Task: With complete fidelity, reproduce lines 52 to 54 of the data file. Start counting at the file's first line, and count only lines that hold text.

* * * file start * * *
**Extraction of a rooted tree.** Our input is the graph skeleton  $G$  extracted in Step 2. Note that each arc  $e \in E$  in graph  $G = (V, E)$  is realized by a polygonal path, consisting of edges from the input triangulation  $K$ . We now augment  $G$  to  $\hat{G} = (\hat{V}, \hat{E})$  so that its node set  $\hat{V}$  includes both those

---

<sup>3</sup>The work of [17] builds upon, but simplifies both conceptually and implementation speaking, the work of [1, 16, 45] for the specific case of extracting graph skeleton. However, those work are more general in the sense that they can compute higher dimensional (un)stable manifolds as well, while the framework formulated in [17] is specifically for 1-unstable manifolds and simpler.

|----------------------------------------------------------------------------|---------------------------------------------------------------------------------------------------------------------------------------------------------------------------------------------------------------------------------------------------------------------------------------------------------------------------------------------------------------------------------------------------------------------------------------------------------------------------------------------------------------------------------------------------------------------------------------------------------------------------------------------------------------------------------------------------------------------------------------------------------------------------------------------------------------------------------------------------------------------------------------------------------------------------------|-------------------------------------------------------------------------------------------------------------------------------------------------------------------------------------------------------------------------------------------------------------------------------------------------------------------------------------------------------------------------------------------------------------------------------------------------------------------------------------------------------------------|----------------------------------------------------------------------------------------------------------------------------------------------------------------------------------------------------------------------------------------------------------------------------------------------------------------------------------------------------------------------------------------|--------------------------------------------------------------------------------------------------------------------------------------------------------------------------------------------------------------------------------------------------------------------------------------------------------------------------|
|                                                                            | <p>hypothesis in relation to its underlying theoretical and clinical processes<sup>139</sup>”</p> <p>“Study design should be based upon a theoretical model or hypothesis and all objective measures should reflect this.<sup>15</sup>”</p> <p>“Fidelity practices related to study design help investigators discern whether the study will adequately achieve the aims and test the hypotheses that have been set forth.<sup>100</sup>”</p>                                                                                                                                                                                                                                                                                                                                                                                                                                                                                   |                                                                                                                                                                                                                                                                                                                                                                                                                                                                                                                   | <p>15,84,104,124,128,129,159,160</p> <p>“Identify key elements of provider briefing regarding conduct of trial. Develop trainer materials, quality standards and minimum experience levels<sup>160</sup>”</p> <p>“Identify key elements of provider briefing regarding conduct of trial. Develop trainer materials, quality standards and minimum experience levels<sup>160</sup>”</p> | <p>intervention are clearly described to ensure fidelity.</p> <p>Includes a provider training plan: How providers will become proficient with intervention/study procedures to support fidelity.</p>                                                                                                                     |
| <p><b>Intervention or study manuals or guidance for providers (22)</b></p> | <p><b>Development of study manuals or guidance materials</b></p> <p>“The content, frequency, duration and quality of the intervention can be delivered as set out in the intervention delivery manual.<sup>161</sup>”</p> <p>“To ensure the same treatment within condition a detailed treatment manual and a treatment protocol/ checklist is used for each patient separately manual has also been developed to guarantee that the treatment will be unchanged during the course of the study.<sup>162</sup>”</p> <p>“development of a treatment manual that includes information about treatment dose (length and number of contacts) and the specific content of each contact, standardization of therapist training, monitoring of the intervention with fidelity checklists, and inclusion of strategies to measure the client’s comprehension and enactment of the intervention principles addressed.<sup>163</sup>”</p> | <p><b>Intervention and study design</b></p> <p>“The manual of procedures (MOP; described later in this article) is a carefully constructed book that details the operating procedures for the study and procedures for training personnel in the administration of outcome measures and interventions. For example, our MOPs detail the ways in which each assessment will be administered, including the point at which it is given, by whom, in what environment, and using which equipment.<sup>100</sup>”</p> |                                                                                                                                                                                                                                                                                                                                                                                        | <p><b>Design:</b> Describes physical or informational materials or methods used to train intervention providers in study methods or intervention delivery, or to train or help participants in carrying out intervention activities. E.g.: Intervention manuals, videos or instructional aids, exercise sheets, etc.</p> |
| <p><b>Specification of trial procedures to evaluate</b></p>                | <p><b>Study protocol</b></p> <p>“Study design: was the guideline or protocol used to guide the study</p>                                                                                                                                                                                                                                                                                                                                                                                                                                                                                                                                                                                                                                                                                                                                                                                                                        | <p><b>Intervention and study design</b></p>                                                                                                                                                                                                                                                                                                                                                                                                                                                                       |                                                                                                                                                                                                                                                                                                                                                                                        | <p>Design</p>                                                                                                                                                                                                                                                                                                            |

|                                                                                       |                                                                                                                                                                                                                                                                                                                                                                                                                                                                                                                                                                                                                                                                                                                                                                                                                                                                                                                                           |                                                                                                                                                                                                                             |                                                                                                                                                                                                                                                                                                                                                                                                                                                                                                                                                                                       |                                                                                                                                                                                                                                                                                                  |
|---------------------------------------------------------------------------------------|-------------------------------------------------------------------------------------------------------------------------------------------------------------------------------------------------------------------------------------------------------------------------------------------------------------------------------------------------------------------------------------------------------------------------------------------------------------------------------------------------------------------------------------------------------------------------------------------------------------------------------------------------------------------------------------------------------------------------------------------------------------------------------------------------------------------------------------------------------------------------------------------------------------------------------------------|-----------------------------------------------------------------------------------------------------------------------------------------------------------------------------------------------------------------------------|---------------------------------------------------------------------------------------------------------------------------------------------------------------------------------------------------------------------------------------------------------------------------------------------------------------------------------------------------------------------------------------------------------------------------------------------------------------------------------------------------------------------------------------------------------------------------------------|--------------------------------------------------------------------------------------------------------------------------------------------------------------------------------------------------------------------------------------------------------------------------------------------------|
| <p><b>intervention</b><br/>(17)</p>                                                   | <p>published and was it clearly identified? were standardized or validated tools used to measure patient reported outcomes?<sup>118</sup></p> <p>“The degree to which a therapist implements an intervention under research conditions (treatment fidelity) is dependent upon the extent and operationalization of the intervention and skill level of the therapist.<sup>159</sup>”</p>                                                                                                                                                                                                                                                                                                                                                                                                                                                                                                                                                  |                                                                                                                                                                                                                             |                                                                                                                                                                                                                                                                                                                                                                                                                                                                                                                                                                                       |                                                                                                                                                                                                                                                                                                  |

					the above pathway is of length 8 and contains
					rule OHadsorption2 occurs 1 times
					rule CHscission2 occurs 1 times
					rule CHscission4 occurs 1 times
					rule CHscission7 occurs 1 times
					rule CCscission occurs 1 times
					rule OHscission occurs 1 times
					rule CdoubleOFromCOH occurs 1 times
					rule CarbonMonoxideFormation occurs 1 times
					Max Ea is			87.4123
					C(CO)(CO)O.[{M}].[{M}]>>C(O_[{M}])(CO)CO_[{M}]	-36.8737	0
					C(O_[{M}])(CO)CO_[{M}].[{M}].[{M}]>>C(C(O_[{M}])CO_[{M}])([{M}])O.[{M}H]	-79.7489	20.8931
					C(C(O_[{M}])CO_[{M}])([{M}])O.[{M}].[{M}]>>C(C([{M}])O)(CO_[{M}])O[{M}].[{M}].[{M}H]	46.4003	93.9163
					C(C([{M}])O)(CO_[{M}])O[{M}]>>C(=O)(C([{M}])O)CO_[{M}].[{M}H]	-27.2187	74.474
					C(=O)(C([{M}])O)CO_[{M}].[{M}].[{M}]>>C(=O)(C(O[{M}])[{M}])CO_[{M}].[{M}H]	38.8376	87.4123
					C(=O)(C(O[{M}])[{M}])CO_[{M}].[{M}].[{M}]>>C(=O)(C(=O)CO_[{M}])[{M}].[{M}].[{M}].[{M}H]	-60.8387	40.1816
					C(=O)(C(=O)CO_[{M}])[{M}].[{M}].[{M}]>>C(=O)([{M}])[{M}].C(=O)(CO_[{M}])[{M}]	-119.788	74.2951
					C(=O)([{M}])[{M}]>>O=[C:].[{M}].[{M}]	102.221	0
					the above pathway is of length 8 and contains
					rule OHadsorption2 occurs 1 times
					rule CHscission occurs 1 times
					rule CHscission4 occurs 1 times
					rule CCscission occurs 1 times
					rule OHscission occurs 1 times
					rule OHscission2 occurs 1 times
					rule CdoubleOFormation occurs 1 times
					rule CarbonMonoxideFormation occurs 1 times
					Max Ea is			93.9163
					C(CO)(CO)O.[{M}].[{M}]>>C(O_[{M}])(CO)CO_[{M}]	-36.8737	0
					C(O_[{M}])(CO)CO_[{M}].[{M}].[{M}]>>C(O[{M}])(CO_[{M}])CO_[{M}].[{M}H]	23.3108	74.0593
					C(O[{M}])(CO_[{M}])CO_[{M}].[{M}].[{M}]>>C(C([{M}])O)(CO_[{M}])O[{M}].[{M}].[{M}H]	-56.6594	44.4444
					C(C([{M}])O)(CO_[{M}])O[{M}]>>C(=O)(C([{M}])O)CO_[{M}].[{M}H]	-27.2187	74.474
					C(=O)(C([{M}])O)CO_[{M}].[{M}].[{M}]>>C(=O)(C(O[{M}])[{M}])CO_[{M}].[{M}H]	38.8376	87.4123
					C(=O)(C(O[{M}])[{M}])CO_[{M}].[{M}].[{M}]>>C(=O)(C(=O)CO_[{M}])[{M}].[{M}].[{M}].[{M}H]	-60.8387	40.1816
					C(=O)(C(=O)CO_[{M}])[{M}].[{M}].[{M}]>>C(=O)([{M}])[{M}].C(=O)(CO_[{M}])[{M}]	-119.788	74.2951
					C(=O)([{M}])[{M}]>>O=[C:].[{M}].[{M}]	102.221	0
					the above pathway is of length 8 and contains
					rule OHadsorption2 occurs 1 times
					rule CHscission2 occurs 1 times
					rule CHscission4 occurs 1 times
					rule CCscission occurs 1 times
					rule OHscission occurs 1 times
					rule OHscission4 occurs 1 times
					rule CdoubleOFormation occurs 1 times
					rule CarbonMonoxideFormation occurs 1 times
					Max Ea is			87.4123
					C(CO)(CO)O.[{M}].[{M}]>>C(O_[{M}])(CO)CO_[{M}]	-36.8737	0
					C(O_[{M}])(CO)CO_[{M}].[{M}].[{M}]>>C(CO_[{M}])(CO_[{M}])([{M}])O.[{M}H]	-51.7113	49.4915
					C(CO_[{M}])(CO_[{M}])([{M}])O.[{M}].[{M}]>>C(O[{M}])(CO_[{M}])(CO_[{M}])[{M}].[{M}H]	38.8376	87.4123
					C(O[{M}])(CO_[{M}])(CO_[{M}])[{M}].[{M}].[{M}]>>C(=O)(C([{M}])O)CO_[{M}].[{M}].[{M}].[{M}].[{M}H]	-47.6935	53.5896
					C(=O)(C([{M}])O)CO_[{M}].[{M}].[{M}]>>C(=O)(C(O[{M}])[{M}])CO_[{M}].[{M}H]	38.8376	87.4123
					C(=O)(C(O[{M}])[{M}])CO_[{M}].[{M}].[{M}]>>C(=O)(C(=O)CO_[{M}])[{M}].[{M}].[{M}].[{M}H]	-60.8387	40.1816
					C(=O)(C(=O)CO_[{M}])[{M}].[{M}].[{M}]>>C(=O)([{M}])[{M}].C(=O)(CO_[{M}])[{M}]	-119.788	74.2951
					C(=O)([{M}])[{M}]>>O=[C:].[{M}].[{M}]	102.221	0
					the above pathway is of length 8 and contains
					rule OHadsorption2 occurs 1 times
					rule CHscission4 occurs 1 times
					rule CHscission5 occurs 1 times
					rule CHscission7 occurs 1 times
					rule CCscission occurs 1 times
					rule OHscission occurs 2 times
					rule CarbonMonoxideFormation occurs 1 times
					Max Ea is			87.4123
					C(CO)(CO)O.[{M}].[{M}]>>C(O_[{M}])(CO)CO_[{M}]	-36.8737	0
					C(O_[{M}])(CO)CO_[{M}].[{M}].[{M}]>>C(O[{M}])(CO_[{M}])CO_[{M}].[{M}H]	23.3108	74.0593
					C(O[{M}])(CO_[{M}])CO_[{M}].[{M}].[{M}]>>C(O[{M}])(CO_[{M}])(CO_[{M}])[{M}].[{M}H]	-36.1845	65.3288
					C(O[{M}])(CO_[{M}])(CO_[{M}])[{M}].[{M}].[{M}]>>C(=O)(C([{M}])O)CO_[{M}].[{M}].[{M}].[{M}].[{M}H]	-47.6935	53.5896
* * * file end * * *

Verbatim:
					rule OHscission occurs 1 times
					rule OHscission4 occurs 1 times
					rule CdoubleOFormation occurs 1 times